The Pat Franklin Courageous Spirit Award
The Container Recycling Institute (CRI) created the Pat Franklin Courageous Spirit Award in 2015 to recognize individuals whose work exemplifies the spirit, goals and achievements of CRI’s late founder and longtime executive director, Pat Franklin.
Who Was Pat Franklin?
Patricia Farrell Franklin was a shining light in the recycling movement. She founded the Container Recycling Institute in 1991, growing it from a shoestring operation in her basement to an internationally recognized source of original research, objective analysis and responsible advocacy. A generous mentor and tireless networker, she nurtured alliances between activists and legislators, found common ground with regulators and policy makers and unstintingly shared information critical to campaigns promoting deposit legislation. She established one of the nation’s first environmental listservs (the Bottle Bill Action Network), founded two information-packed websites (www.container-recycling.org and www.bottlebill.org) and spearheaded a series of Bottle Bill Summits that continue to attract recycling experts from around the world.
A disciple of producer responsibility long before that term gained widespread use, Pat spoke at scores of conferences, was sought after for interviews by reporters in both the mainstream media and the recycling trade press, and was routinely invited to contribute articles, op-eds, position papers and legislative testimony. She was instrumental in getting then-Senator Jim Jeffords of Vermont to sponsor a National Bottle Bill initiative, and she testified before the Committee on the Environment and Public Works on Capitol Hill. A diligent researcher and astute analyst, Pat led her small but talented CRI team in producing a number of groundbreaking reports on recycling, and she launched CRI’s comprehensive Beverage Market Data Analysis, a periodic review of container recycling and wasting that has become a vital management and forecasting tool not only for state and municipal officials but for leaders in the manufacturing and secondary-processing sectors. A number of industry executives, impressed by Pat’s understanding of their issues as well as her fairness, tenacity and absolute allegiance to facts, accepted her invitation to join CRI’s governing board. This unusual model—an environmental organization in which corporate representatives work side by side with citizen activists and grassroots leaders to further their mutual goal of economic and environmental sustainability—is one of Pat’s most important legacies.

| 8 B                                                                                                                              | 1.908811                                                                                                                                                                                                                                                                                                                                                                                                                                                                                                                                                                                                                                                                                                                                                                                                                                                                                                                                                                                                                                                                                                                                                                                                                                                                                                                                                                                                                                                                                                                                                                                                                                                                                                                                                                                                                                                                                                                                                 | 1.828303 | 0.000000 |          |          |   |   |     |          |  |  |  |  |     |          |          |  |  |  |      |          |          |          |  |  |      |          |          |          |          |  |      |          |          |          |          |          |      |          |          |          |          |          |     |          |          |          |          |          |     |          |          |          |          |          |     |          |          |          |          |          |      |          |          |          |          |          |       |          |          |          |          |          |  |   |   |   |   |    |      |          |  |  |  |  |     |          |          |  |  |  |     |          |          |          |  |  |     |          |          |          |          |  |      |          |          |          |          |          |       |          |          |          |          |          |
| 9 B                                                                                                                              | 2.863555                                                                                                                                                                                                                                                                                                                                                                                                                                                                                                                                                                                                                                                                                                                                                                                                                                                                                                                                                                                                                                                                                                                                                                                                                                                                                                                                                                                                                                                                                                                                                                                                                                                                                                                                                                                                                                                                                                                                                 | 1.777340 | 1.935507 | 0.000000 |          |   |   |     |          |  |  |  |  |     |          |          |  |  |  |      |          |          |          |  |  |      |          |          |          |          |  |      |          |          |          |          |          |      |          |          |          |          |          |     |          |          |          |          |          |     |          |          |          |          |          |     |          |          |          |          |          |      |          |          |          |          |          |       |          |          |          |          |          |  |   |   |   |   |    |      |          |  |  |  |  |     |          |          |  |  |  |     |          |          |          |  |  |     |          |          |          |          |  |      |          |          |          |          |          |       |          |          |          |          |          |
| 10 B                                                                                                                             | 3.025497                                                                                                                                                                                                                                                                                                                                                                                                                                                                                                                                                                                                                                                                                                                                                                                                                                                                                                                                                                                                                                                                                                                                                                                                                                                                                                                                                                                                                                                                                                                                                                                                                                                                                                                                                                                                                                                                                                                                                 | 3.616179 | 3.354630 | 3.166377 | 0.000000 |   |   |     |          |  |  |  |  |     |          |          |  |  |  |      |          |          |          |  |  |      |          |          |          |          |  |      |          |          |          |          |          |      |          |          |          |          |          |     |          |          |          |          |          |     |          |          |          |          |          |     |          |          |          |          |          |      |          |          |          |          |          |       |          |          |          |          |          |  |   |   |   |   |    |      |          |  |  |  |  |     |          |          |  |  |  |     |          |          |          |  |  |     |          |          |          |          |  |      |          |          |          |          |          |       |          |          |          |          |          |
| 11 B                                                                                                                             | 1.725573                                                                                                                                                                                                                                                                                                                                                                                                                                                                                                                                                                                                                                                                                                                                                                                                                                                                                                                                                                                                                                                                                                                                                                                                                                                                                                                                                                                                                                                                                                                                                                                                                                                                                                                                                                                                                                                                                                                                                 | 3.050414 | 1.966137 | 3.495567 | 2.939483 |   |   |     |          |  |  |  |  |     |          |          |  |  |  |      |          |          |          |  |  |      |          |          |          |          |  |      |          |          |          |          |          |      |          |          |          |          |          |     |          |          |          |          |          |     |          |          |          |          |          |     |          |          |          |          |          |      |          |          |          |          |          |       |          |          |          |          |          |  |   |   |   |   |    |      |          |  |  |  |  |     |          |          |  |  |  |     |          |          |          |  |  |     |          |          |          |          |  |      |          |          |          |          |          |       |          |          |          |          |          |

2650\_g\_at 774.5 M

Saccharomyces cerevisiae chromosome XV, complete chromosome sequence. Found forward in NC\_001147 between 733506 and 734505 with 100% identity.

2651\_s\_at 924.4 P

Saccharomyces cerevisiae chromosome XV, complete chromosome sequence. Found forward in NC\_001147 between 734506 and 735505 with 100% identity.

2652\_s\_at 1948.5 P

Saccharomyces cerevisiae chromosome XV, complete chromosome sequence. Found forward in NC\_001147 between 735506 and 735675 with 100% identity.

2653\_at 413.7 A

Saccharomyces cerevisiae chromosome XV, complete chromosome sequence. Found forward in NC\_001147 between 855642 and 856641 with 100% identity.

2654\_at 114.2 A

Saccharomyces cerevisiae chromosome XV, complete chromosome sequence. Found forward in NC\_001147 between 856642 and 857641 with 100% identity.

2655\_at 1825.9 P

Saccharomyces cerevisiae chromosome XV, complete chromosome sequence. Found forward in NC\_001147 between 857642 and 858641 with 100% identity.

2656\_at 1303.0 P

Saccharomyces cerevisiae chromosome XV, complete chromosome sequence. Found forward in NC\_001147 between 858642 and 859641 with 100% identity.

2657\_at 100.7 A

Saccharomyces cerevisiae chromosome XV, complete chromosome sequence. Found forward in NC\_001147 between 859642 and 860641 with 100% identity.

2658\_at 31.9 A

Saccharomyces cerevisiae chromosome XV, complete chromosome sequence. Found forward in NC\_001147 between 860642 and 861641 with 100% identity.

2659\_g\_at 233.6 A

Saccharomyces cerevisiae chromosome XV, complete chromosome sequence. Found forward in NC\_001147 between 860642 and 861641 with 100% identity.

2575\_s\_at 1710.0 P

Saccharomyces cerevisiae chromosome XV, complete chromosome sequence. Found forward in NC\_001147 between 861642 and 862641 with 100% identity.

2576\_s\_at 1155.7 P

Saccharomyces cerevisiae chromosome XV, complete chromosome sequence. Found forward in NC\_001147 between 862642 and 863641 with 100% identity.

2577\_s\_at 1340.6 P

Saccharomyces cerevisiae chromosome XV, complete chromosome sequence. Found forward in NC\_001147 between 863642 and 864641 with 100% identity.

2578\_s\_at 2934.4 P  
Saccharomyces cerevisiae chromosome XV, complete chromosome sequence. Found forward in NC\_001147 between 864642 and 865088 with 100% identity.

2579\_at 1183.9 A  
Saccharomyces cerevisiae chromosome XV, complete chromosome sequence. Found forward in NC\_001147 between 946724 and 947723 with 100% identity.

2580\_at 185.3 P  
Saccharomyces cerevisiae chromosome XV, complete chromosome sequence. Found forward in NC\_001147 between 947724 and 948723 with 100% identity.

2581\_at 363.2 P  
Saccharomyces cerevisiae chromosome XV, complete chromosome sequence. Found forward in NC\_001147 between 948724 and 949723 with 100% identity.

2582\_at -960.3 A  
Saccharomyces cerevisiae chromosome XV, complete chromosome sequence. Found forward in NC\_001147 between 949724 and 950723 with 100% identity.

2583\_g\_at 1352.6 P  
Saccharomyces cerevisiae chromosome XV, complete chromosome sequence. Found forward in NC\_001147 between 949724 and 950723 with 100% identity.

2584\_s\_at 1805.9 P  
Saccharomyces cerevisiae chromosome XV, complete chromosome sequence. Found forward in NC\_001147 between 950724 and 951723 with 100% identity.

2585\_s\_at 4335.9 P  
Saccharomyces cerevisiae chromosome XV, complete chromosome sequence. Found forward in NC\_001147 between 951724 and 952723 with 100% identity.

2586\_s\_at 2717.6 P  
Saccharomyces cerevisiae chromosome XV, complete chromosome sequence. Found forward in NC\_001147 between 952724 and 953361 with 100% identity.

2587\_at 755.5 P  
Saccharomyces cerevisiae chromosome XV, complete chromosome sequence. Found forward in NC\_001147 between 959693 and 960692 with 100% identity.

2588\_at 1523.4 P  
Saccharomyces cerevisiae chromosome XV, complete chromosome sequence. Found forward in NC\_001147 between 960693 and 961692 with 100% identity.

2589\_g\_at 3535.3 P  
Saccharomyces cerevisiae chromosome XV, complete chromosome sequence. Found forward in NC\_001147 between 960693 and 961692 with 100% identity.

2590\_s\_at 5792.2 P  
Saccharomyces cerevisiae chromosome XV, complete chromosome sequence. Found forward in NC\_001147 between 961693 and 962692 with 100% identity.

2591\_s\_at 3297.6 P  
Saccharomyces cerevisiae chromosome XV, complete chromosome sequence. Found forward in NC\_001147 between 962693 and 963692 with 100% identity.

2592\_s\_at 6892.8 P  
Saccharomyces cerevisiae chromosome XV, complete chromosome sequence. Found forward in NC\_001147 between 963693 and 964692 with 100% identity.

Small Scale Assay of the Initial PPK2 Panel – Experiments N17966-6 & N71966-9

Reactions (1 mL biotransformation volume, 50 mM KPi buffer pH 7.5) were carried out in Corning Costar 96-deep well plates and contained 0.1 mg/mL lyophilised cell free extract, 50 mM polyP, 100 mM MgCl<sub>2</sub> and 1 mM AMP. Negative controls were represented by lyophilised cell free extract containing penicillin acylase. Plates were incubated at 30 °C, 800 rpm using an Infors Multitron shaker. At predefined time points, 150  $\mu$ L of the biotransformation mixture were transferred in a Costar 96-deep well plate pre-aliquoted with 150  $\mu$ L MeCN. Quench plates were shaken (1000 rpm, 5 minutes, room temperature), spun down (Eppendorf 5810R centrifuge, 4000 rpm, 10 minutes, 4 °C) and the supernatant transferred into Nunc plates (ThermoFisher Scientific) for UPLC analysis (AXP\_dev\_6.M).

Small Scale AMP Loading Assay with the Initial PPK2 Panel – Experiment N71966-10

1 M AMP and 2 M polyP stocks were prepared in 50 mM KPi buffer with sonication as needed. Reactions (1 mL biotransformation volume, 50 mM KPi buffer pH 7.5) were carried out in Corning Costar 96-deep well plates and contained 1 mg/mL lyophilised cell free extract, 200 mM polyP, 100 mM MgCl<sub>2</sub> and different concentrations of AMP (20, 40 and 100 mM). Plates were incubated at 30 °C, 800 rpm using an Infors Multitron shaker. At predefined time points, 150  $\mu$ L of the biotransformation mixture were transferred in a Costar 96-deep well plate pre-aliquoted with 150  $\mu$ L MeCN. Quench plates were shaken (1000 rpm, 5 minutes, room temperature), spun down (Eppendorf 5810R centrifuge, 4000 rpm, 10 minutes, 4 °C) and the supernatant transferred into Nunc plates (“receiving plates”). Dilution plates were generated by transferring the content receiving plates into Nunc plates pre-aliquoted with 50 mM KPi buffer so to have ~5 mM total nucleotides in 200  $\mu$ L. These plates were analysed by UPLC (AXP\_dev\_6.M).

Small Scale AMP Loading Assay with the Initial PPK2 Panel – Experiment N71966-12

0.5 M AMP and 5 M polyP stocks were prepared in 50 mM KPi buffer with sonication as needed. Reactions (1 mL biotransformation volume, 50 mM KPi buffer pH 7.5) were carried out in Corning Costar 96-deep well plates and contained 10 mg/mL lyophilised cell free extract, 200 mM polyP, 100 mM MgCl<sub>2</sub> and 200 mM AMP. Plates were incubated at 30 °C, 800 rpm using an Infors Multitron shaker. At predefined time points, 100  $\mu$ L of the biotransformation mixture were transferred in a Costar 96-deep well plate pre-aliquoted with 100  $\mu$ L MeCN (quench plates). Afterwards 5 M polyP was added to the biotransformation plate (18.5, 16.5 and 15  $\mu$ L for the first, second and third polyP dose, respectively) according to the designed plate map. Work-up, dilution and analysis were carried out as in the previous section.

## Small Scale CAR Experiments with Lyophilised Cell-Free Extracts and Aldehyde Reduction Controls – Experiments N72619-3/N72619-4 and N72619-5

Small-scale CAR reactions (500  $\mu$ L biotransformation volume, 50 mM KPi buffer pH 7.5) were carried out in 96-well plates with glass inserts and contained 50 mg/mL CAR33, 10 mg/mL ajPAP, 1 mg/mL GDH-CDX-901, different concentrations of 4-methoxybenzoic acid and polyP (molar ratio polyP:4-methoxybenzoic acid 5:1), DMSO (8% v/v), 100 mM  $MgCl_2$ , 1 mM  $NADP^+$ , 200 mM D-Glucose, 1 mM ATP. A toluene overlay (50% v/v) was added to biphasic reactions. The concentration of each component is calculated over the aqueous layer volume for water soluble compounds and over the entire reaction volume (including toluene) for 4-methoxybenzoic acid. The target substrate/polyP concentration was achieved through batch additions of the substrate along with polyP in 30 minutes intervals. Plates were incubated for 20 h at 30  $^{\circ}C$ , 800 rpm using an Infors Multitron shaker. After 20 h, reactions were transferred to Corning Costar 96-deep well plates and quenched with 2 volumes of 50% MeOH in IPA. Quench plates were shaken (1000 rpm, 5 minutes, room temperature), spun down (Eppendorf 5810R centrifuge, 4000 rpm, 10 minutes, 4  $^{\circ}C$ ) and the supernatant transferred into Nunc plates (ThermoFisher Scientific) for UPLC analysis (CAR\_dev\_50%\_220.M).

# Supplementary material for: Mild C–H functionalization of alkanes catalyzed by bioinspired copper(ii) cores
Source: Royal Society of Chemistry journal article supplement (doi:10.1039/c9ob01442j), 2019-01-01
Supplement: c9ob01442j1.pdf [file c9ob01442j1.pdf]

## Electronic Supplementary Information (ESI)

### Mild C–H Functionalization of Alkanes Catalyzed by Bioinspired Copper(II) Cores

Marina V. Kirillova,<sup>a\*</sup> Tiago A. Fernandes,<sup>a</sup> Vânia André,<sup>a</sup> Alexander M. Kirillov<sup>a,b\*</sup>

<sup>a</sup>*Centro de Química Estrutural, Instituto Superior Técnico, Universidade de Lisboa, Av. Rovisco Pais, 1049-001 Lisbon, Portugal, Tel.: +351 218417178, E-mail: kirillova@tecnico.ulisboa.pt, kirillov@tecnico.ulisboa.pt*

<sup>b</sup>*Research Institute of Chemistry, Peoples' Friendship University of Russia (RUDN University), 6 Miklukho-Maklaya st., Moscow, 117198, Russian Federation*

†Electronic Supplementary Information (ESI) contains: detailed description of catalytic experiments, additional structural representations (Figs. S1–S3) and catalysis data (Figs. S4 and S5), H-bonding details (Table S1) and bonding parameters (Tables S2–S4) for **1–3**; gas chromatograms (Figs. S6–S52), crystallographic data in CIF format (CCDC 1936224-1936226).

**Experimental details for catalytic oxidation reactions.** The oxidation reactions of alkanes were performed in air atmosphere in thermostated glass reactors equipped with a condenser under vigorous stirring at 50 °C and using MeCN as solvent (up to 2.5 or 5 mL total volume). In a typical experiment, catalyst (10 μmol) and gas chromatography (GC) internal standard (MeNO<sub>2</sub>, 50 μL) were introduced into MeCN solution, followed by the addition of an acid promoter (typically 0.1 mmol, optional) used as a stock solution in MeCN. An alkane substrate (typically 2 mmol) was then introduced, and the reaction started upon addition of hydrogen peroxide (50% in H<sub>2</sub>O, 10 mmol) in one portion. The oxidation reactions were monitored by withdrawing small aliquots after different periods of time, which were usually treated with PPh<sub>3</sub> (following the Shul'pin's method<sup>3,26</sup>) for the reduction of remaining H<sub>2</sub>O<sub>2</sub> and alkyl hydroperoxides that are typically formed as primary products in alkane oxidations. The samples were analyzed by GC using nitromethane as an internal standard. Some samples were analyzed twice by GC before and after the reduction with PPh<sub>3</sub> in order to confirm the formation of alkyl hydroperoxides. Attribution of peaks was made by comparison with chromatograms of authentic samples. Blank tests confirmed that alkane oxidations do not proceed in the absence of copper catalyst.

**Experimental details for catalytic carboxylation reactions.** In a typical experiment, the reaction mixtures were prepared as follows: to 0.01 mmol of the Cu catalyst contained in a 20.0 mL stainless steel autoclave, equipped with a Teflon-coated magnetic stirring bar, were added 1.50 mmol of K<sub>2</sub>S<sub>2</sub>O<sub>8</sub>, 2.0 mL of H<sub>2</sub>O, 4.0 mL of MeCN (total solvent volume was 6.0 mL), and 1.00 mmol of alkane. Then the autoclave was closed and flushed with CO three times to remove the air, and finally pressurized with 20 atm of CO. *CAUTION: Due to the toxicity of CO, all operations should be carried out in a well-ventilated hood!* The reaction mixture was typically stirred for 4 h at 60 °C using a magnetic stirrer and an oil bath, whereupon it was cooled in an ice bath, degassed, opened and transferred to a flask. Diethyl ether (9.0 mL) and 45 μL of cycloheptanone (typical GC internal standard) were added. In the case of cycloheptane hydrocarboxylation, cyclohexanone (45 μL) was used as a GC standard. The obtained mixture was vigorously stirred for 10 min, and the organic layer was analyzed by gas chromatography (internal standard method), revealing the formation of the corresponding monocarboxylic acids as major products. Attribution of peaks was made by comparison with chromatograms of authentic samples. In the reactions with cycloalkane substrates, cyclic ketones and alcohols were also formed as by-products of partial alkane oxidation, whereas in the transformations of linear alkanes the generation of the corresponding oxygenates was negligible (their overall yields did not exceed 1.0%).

Though Pat’s visibility made her a target for powerful opponents, especially members of the beverage and grocery industries, she never failed to meet their attacks with polite determination, feisty counter-arguments and an unapologetic belief in the justness of her cause. Such perseverance, professionalism and dedication were compelling, and when Pat died in 2012 after being struck by a vehicle (ironically while carrying materials to be recycled), even critics acknowledged that she had been a worthy adversary.
Award Details and Criteria
The award is not monetary, but is accompanied by a plaque made of recycled glass, and is announced in both the national and trade press as well as in the recipient’s local media and in CRI’s publications and online platforms.
The selection committee, which includes CRI board members as well as advisors to the organization, look for nominees with a record of:
- Working toward the quality recycling of beverage containers or other consumer packaging or printed material
- Building consensus and working with coalitions
- Challenging entrenched policies or ways of thinking;
- Generosity with time, ideas, strategies and encouragement
- A gift for communicating effectively and persuasively to varied audiences
- An ability to inspire, encourage and empower people to take action
- Commitment to the long term, even when the challenges are daunting.